Example: Drift Detection

In this example, we will use the drift detection feature of Sandfly to monitor a set of servers that are created from the same base image and should always be configured identically, running the same set of processes, etc.

To begin, we have all of our "webhead" servers in Sandfly. All of them are tagged with a common tag that identifies the base VM image we used to create the servers.

A list of hosts in Sandfly with the tag webhead_v20240105

We will use one of these hosts, mw-webprod-node-01, as our "model host" on which to build the profile of expected results.

Step 1: Gather results on which to base the profile

To ensure we have a clean slate when creating our profile, we first delete all of the results on our model host.

Screenshot showing going to Results by Host, selecting a host, and clicking the Delete button.
  1. Go to Results By Host and click on the host.
  2. Check the "select all" box at the top of the results table.
  3. Click the Delete button in the table header to delete all results for this host.

Now we can gather the results for the profile. Begin a new manual scan of the host by clicking the "Scan Now" button at the top of the Sandfly UI.

Screenshot of the manual scan dialog with one host selected.

In the Create New Scan dialog, select the model host for the profile, mw-webprod-node-01 in this case. Click Next.

Screenshot of the New Scan dialog, selecting the Active and Type Recon preset.

To select sandflies, click on Presets and choose Active and Type Recon. All sandfly types can be used in result profiles to support automatic whitelisting, but typically only recon sandflies are useful for drift detection.

Screenshot showing the "select all" box being checked to select all sandflies.

Use the "select all" checkbox to select all recon sandflies and click Finish to begin the scan.

NOTE: The sandflies you select will determine which aspects of the system are monitored for drift. The recon_kernel_models sandfly, for example, will allow drift detection to alert on any new kernel module that isn't part of your model host. Some recon sandflies, such as recon_log_list_lastlog and other log list sandflies, may produce undesirable drift alerts if you expect users to be logging in to the set of servers you apply the profile to. When creating result profiles for drift detection, be sure to deselect any recon sandflies in areas you do not want to monitor for drift at this point.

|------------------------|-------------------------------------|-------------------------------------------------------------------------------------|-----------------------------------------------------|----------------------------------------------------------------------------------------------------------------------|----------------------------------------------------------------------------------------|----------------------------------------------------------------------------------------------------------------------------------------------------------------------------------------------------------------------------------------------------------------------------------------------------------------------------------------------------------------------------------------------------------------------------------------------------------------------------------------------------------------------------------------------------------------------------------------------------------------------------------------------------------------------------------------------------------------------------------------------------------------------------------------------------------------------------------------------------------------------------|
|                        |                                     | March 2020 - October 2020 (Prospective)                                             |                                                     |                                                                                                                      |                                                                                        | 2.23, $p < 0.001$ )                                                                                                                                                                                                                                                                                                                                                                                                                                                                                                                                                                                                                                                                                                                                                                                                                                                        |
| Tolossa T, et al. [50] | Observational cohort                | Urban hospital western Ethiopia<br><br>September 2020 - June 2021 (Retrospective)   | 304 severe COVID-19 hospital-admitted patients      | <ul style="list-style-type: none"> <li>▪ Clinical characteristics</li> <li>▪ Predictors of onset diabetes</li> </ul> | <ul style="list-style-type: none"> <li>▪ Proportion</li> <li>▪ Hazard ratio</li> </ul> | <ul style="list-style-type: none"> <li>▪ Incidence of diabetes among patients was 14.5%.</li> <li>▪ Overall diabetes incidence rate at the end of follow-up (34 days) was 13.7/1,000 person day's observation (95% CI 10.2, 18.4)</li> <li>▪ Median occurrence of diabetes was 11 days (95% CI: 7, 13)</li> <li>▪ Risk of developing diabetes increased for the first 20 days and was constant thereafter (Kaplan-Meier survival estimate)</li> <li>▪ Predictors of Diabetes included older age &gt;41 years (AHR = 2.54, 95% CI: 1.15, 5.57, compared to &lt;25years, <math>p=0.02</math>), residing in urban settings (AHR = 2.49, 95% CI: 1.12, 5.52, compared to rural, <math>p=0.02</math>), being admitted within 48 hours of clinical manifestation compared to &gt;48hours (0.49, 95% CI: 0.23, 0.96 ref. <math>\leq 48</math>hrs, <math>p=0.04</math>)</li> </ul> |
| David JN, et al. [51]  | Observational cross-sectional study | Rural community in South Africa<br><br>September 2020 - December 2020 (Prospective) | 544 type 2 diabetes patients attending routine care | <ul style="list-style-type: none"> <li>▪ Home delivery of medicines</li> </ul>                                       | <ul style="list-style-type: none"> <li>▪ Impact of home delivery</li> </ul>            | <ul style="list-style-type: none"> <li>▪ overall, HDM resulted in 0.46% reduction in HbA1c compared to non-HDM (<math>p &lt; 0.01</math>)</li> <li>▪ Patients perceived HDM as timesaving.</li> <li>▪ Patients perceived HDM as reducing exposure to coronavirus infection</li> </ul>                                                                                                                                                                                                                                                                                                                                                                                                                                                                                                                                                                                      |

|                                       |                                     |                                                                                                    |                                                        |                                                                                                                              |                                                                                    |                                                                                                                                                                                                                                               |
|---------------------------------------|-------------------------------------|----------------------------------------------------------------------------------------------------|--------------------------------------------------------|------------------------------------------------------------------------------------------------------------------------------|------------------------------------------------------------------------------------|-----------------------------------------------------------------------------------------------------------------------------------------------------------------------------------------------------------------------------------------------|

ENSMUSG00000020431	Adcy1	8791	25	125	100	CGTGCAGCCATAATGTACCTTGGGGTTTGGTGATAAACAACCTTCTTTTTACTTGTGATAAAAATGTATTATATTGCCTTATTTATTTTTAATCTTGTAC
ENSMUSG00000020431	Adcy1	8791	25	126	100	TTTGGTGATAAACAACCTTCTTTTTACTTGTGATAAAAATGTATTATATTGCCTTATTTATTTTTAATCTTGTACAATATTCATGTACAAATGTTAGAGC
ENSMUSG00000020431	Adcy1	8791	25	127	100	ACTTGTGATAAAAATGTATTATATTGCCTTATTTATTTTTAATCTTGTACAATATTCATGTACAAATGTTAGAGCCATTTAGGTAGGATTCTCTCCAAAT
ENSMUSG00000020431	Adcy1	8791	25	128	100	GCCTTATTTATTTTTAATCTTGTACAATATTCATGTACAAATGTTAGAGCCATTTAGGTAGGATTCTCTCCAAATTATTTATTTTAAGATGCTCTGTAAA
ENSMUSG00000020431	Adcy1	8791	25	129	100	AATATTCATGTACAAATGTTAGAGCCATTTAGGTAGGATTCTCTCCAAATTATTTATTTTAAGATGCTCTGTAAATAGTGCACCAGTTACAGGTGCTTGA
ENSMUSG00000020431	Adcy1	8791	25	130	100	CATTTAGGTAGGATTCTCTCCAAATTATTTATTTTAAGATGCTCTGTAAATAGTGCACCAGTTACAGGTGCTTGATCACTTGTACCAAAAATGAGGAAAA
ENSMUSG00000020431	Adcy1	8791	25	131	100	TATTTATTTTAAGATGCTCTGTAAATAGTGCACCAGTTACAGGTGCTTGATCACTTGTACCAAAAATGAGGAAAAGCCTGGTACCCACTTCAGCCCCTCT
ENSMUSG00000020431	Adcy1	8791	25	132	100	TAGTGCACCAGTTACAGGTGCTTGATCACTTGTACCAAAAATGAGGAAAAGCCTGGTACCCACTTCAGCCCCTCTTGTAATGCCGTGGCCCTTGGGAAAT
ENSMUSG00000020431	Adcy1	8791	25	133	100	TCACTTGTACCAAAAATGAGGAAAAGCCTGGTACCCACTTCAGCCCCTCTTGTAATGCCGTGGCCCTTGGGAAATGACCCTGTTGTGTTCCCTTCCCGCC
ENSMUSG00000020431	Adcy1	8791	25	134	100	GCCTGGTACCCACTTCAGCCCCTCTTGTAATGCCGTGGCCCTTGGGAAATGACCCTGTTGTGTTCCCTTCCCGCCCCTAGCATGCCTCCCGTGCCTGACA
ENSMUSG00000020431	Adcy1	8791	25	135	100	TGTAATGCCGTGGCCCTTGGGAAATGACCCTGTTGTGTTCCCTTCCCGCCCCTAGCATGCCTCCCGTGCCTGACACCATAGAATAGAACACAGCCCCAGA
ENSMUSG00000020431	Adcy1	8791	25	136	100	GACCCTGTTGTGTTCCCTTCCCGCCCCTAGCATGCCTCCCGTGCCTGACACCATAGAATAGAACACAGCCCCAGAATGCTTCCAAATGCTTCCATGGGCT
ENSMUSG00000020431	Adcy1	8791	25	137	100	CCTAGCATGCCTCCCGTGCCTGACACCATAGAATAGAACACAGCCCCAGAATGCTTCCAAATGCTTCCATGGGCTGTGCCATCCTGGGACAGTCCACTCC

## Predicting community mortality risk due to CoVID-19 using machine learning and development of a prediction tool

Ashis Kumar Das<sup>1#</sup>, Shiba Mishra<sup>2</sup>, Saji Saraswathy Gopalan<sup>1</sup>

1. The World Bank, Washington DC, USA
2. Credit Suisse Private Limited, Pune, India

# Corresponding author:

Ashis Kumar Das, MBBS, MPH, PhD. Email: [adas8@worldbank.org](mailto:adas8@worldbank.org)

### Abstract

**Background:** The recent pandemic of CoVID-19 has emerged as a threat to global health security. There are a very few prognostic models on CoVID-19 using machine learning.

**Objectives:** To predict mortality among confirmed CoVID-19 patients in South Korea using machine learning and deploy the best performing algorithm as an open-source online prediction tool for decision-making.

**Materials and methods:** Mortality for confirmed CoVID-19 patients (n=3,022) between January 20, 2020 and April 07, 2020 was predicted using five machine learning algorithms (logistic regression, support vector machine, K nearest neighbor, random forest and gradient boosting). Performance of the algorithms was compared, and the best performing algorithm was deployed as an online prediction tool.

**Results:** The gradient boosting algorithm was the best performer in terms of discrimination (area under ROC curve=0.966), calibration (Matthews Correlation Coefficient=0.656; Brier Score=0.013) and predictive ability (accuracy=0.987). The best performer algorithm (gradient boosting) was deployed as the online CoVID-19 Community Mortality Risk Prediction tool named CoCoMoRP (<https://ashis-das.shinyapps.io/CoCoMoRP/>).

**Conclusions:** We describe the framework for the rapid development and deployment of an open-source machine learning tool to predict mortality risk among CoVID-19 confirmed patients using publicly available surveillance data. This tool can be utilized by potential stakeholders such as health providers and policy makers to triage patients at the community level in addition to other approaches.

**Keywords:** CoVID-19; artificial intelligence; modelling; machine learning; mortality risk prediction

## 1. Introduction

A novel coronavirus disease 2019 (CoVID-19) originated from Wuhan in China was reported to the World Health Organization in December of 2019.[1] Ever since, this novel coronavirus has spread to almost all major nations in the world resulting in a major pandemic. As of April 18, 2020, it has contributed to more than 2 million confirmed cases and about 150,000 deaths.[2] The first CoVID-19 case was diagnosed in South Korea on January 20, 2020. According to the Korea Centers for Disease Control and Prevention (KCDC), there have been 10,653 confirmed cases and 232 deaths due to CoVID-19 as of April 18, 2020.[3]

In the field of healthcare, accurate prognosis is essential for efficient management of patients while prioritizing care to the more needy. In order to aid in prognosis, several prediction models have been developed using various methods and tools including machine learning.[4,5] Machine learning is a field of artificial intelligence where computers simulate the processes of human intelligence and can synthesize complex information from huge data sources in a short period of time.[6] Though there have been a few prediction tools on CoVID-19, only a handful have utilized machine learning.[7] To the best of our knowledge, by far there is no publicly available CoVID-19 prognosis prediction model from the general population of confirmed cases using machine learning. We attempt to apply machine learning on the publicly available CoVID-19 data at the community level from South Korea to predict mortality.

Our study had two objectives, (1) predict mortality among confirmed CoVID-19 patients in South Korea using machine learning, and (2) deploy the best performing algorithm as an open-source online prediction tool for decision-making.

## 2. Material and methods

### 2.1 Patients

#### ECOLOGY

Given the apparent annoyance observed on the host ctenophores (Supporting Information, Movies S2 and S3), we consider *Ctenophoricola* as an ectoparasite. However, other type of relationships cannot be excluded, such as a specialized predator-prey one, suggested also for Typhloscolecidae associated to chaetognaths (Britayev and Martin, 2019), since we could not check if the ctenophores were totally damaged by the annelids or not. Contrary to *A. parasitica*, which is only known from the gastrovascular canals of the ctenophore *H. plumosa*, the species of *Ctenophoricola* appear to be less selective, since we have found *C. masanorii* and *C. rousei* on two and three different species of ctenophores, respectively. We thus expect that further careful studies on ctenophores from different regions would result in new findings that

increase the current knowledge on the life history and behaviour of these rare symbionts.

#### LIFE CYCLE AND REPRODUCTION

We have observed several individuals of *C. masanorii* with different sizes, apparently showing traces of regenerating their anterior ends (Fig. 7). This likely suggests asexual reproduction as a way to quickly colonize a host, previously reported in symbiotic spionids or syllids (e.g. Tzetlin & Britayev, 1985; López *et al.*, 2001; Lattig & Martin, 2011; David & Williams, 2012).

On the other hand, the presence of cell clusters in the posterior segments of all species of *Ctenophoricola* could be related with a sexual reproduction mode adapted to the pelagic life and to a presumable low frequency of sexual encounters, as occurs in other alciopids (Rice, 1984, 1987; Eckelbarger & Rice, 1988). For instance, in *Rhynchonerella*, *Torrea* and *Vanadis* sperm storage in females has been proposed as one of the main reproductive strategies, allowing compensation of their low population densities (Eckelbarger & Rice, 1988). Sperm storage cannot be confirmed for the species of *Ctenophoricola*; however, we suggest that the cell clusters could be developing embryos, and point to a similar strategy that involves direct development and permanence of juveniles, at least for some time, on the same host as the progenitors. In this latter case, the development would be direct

Step 2: Create the result profile

After the scan finishes, the model host has results from which we can create the result profile.

Screenshot of Results by Host list showing that our model host has some pass results.
  1. Go to Results By Host.
  2. Check the select box next to the model host with the results for the profile.
  3. Click the Create Profile button in the table header.

Now we provide the details of the profile.

Screenshot of result profile creation dialog.
  1. Name the profile.
  2. Provide a description of the profile that will help remind users what the profile is for.
  3. Optionally enter additional user notes. In this case, we indicate which base VM image this set of results reflects.

After clicking Next, we have the opportunity to use this profile and associate it with hosts.

Screenshot of second page of result profile creation dialog.
  1. Select "Host Drift Detection" to indicate how we would like to use this profile.
  2. Enter the appropriate host tag(s) that we would like to apply the drift detection to. In this case, we select our webhead_v20240105 tag that all of our similar hosts are tagged with.